UPDATED: Dec 18, 2009, 1:04 PM. [Mr. Loeb has commented at his blog to this analysis. I’m disappointed that he failed to address the facts of the exact language used by Judge Gonzalez in his Sale Order. Furthermore, his failed assertions as to my report have not been corrected. I cannot give any respect to his response. I’ve produced a final comment at his blog and should he choose to publish it, he may have the last word. But it cannot be disputed that my analysis is accurate as to the exact wording of the Sale Order issued by Judge Gonzalez which placed a prohibition on all stays from the date the Sale Order was entered – June 1st, 2009.
Unlike Mr. Loeb, I must deal with Judicial orders as they are written, not as I may want them to be. Judge Gonzalez placed a prohibition on all stays from June 1st and for 10 days thereafter. If that prohibition was legal (and it appears to have been upheld by SCOTUS) then the appeal brought by the Indiana Pension Fund was moot on June 2d when it was brought to the 2d Circuit Court of Appeals. If that is the case, then Justice Ginsberg erred by extending the stay to June 9th.
Mr. Loeb failed to address the fact that Judge Gonzalez canceled the automatic stay and simultaneously prohibited any other stay from being issued by the very wording of the Sale Order. (See my analysis below.) Mr. Loeb – who originally stated that my analysis was poor due to a faulty reading of the facts – has failed to address the undeniable accuracy of this factual analysis which he overlooked in his original reply.
My analysis was dead on accurate as to the facts. If there is something missing in this picture, Judge Gonzalez will have to clear that up since his order prohibited all stays for 10 days from the date on which the Sale Order was entered – June 1st, 2009. That a stay was issued by the 2d Circuit Court of Appeals on June 2d – and extended by Justice Ginsberg to June 9th – does not change the FACT that the Sale Order issued by Judge Gonzalez prohibited all stays for 10 days after June 1st. (My original reply begins below the solid line.)]
The following analysis is in reply to Bankruptcy Expert Lawrence D. Loeb’s analysis of my report yesterday. I respect Mr. Loeb and I have read his Fear and Greed blog with interest during the Chrysler bankruptcy. Please review his report before reading my response below.
Dear Mr. Loeb,
First off, let me say that I have found your blog very enlightening on the Chrysler bankruptcy litigation. Thank you for highlighting my analysis. I am not allowing comments at this time, but should you reply at your blog, I will republish the same here.
Yesterday, I was left with the feeling that SCOTUS found a technical manner within which to dispose of the Indiana Pension Fund’s appeal that seems unfair but is accurate under a technical reading of the law.
I understand your argument and I would agree with it for the most part except that – whether intended by SCOTUS or not – for the appeal which was brought to the 2d Circuit to have been moot at the time it was brought, I believe my interpretation must be correct. Otherwise, how could an appeal brought on June 2d be moot on June 2d?
Perhaps the SCOTUS reliance on Munsingwear indicates that the case became moot after June 9th when SCOTUS decided not to continue the stay. If the case only became moot on June 10th, so be it, and I would stand corrected. However, SCOTUS did not make an affirmative indication of the date the appeal was moot.
Here is the text of yesterday’s SCOTUS ruling:
CERTIORARI — SUMMARY DISPOSITION
IN POLICE PENSION TRUST, ET AL. V. CHRYSLER LLC, ET AL.
The motion of Washington Legal Foundation, et al. for leave to file a brief as amici curiae is granted. The petition for a writ of certiorari is granted. The judgment is vacated, and the case is remanded to the United States Court of Appeals for the Second Circuit with instructions to dismiss the appeal as moot. See United States v. Munsingwear, Inc., 340 U.S. 36 (1950).
Had the SCOTUS simply vacated the 2d Circuit decision, I would certainly agree with your analysis. All these months later, the appeal – since it does not allege a bad faith purchaser – is certainly moot under 363(m). I think we can agree on that.
However, my analysis was premised on the assumption that SCOTUS ordered the 2d Circuit to dismiss the original appeal as being moot retroactive to June 2d. For the sake of argument, let’s tackle my analysis as if the order was retroactive to June 2d.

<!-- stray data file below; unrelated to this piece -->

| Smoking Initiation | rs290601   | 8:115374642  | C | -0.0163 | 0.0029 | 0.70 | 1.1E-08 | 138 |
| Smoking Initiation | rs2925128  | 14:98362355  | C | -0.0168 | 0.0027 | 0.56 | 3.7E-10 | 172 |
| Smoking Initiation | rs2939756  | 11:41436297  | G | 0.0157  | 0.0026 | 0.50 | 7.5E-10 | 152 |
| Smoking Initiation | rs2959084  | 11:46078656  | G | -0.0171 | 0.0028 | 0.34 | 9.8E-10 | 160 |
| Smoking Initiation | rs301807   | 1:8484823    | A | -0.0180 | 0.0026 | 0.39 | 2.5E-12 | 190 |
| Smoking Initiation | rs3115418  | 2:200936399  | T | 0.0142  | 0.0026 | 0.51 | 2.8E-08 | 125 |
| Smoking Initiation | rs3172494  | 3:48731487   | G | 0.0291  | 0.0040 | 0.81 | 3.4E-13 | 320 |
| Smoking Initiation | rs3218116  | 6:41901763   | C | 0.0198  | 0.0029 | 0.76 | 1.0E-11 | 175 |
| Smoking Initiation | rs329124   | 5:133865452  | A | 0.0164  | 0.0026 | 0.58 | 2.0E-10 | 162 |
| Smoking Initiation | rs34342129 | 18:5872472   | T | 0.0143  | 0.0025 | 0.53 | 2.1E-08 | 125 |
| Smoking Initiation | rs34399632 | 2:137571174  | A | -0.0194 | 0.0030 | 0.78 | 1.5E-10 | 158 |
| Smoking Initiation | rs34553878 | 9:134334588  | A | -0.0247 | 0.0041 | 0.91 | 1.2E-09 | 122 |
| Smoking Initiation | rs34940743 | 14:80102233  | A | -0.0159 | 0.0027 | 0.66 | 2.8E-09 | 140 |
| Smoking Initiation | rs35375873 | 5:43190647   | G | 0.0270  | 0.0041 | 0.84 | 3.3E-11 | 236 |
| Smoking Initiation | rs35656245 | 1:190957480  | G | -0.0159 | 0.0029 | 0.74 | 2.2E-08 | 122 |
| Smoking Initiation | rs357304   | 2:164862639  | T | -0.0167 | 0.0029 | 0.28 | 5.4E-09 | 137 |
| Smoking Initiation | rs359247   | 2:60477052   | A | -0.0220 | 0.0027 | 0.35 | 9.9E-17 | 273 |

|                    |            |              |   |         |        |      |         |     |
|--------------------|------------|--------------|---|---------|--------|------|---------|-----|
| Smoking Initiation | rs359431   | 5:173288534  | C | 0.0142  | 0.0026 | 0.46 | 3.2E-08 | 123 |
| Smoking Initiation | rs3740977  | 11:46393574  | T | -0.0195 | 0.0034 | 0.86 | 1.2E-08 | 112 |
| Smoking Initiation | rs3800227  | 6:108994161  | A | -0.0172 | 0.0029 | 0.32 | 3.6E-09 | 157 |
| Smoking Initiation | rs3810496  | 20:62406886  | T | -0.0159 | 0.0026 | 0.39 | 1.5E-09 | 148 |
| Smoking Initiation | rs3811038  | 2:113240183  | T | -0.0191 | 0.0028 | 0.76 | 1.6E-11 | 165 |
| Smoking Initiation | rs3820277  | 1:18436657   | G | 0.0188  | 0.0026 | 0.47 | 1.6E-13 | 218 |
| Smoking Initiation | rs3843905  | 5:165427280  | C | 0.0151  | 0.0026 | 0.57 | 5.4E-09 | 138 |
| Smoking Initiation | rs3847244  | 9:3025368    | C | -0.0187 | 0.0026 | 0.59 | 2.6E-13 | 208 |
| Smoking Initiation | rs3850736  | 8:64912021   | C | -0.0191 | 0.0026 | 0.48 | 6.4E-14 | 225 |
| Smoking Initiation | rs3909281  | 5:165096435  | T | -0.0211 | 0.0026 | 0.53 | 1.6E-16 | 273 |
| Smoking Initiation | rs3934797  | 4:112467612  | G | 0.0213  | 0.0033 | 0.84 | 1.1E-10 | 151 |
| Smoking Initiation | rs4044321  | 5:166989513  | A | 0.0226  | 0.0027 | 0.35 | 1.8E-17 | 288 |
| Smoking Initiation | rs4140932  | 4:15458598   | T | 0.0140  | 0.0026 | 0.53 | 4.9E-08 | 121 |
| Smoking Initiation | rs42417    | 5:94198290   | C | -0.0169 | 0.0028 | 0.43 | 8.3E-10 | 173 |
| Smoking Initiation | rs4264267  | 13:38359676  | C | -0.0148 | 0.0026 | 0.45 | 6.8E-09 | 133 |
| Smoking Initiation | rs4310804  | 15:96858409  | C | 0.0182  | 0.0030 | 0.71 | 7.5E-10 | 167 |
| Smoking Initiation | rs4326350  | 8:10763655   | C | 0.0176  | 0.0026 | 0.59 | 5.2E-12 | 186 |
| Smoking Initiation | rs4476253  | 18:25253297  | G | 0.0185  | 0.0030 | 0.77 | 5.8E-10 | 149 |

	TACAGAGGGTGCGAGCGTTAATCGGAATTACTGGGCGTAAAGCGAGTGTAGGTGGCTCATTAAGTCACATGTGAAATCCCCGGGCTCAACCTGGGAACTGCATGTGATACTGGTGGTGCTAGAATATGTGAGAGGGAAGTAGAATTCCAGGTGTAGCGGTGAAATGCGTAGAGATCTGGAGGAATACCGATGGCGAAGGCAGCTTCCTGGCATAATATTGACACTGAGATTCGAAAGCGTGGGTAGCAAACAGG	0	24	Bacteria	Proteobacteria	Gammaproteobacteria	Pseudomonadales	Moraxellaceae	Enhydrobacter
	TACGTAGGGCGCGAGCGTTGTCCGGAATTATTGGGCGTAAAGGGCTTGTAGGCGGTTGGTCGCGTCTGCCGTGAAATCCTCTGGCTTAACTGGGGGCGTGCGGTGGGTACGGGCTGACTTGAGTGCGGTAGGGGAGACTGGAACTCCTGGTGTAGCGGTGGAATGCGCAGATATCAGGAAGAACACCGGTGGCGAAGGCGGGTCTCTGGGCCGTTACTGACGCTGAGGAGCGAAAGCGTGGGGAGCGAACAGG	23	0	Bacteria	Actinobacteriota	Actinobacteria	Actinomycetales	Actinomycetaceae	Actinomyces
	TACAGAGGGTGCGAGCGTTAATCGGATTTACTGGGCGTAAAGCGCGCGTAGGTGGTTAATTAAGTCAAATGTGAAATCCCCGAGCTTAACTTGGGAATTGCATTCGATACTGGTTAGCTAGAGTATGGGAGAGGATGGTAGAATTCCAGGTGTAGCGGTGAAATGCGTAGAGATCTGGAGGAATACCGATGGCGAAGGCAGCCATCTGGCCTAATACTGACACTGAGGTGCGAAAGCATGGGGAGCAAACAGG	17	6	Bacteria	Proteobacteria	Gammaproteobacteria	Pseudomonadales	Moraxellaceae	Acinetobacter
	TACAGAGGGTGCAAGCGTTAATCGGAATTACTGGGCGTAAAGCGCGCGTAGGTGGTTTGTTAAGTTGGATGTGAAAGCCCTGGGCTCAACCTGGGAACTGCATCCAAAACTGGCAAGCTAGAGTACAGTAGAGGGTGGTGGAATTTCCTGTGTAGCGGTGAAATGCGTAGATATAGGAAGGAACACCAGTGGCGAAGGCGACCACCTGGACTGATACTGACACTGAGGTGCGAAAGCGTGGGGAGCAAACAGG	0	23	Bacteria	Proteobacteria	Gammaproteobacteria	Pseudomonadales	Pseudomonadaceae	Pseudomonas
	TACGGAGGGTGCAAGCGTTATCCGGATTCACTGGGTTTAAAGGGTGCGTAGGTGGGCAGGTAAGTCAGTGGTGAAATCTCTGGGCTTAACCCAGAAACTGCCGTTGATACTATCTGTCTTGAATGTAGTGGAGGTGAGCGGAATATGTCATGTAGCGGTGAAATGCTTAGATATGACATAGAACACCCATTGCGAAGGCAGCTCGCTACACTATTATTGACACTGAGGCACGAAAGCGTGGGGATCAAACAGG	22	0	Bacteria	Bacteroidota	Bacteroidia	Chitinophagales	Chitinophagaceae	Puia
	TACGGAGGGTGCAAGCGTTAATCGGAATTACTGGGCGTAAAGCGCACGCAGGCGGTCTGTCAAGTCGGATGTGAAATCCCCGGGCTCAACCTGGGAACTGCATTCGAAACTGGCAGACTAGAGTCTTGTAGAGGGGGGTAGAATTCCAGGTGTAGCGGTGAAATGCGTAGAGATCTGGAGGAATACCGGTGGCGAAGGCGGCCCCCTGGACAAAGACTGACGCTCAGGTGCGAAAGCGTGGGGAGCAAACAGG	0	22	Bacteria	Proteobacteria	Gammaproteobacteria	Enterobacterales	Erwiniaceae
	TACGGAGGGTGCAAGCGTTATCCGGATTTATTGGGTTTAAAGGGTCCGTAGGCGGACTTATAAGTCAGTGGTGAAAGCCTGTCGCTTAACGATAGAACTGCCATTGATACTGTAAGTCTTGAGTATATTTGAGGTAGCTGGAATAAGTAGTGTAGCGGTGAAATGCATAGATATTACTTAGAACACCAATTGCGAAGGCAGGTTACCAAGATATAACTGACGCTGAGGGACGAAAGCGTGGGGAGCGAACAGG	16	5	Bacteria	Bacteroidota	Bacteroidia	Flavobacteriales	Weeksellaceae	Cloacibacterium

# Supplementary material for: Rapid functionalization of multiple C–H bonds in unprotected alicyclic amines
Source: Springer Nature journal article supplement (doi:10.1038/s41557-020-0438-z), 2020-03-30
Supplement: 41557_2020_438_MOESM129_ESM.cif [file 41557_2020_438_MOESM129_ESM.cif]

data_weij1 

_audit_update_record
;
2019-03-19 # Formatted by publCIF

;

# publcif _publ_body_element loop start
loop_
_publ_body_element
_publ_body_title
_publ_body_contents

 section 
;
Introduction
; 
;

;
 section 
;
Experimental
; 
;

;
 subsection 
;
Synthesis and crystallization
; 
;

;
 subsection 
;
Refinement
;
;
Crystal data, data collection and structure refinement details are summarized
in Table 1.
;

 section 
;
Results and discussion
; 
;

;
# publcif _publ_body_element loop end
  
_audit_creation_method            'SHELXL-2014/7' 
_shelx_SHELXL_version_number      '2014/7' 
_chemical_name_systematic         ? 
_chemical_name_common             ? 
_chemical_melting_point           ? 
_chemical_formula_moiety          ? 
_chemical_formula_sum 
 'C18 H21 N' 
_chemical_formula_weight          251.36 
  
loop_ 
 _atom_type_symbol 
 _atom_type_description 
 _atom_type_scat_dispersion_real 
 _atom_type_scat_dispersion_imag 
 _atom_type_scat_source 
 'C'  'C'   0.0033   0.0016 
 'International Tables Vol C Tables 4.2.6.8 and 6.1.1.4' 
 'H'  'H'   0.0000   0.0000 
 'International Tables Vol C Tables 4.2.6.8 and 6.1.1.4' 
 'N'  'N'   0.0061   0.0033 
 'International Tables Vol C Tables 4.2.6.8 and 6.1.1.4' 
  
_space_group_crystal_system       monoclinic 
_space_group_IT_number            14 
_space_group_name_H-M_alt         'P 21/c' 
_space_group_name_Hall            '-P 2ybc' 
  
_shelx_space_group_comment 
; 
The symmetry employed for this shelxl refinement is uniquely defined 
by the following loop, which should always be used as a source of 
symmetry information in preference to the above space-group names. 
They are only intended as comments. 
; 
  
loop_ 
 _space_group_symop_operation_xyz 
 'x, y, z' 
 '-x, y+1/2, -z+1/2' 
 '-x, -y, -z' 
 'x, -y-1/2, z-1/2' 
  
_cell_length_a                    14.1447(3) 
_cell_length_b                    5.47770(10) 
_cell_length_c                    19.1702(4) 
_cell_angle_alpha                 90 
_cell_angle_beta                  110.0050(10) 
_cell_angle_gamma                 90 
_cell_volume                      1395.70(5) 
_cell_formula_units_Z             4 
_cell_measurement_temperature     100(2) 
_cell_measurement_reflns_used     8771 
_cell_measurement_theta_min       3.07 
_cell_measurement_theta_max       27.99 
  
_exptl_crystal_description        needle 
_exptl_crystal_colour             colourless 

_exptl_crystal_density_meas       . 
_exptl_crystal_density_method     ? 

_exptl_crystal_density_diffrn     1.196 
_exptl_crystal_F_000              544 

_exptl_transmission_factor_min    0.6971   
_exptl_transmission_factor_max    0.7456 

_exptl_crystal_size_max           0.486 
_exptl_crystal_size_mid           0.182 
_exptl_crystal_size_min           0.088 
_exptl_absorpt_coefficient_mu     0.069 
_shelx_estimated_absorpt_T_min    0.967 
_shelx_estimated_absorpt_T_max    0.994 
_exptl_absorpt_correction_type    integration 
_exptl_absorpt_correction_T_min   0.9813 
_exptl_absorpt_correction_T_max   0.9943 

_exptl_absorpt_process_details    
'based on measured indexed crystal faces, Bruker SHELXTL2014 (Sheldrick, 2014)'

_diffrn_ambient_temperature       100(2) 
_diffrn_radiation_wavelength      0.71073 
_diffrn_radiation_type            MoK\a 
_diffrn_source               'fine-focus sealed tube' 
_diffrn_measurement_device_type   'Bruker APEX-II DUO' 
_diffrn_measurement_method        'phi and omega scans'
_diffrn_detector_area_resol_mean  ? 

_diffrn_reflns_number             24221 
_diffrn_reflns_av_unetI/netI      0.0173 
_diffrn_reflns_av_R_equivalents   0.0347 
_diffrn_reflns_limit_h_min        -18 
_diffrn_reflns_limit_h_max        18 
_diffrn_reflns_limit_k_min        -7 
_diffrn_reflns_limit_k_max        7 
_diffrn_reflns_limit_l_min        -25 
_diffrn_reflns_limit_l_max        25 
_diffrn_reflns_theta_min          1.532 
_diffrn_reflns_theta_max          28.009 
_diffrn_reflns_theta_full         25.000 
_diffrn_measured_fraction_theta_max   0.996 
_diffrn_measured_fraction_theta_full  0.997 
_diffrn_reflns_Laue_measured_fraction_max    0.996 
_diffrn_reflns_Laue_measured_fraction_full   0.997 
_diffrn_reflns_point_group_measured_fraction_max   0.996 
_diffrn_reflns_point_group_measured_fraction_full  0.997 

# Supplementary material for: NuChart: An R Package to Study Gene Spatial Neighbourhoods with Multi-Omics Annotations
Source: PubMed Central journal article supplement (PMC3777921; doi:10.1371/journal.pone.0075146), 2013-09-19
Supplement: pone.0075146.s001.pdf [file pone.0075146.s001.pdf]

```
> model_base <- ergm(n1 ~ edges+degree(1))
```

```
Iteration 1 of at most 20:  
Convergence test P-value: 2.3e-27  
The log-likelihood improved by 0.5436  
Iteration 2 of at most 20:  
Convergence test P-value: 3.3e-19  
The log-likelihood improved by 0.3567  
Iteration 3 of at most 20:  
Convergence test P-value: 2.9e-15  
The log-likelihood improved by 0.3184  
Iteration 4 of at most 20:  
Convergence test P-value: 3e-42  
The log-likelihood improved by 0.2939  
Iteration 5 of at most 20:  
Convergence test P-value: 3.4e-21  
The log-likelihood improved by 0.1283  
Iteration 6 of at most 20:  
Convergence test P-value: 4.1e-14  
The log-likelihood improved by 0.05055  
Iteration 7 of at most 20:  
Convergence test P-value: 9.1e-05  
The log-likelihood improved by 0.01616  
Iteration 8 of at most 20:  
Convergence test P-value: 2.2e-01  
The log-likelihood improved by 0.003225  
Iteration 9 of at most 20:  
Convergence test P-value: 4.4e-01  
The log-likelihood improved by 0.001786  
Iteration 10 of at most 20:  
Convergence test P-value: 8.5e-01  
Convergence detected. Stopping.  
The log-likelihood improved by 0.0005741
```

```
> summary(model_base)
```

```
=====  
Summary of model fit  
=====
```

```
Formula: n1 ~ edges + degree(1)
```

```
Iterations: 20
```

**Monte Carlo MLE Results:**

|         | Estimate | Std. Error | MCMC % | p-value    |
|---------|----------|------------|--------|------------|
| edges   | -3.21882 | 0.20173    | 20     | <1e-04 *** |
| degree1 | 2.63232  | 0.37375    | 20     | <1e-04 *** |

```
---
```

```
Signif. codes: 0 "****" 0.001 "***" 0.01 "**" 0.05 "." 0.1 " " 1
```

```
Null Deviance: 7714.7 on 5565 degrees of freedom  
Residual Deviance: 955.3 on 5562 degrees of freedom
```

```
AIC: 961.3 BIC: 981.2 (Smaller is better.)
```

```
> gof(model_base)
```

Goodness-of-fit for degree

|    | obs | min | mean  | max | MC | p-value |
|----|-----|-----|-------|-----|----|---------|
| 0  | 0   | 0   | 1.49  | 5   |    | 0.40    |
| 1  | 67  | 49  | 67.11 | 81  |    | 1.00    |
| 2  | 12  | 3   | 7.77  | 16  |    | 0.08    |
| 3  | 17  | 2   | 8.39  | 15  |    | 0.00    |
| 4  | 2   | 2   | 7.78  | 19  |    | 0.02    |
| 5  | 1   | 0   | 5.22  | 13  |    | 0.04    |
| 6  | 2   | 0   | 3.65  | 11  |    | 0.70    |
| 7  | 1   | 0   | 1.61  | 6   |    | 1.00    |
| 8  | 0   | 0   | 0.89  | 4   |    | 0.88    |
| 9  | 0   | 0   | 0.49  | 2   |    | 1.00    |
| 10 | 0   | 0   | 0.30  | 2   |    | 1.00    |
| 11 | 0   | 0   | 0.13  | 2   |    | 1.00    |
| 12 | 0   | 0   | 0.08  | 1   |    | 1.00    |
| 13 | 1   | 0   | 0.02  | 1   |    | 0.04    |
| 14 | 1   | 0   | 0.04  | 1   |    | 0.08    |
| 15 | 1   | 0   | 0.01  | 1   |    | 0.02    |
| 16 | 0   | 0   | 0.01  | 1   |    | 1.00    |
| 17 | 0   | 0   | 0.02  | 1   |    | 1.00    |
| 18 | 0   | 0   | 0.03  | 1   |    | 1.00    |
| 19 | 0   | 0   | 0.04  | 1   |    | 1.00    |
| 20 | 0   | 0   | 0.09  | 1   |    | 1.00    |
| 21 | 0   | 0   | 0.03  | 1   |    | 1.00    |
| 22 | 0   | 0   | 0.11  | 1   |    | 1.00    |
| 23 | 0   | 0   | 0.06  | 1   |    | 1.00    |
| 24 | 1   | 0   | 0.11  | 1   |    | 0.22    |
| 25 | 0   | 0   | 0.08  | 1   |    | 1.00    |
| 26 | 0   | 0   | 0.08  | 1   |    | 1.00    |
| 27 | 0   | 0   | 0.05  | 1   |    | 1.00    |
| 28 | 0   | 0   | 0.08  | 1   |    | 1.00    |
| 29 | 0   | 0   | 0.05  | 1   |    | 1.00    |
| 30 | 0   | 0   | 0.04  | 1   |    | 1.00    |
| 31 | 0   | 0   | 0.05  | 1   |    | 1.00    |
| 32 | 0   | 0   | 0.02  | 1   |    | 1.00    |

As to my argument, you stated:
“Mr. Donofrio’s analysis is interesting, but I think it’s a poor (if not slanted) reading of the law. Section 363(m) states:
The reversal or modification on appeal of an authorization under subsection (b) or (c) of this section of a sale or lease of property does not affect the validity of a sale or lease under such authorization to an entity that purchased or leased such property in good faith, whether or not such entity knew of the pendency of the appeal, unless such authorization and such sale or lease were stayed pending appeal.
You then continued your analysis as follows:
But nothing in that Section indicates that ONLY the Bankruptcy Court can issue the stay. It would seem unusual that Congress would intend to give the Bankruptcy Court the right to make its judgement appeal-proof (and doing so would seem to conflict with the role of the Supreme Court in the Constitution). Mr. Donofrio did not cite any cases that supported that theory.
My argument did not allege that a 363 sale is appeal-proof. I made it quite clear that the statute allows for an appeal – notwithstanding a stay – on the issue of whether the purchaser acted in good faith. The Indiana Pension Fund did not allege that Fiat acted in bad faith so they needed an effective stay to appeal.
363(m) is designed to protect the purchaser. If there’s no allegation the purchaser acted in bad faith, there is solid statutory protection. It’s not too far out to imagine that 363(m) was intended to protect the purchaser from having the deal cut out from under him at some later point in time after the sale had been authorized when he might have relied on the sale order to his financial detriment. If the Bankruptcy Court stays their ruling pending appeal, then the purchaser is fairly warned. But if the sale order is not stayed, then 363(m) allows the purchaser to act on his purchase. In cases where assets are melting, this makes perfect sense.
Furthermore, 6004(h) provides for an automatic 14 day stay of a 363 sale. But it also allows the Bankruptcy Judge to provide otherwise. 6004(h) reads as follows:
(h) Stay of order authorizing use, sale, or lease of property.
An order authorizing the use, sale, or lease of property other than cash collateral is stayed until the expiration of 14 days after entry of the order, unless the court orders otherwise.
So, here we see Congress granting the Bankruptcy Court authority to cancel the automatic stay by including, “unless the court orders otherwise“. Congress has therefore allowed the Bankruptcy Judge great breadth and scope over whether the sale should be stayed, and Judge Gonzalez apparently jumped all over that provision.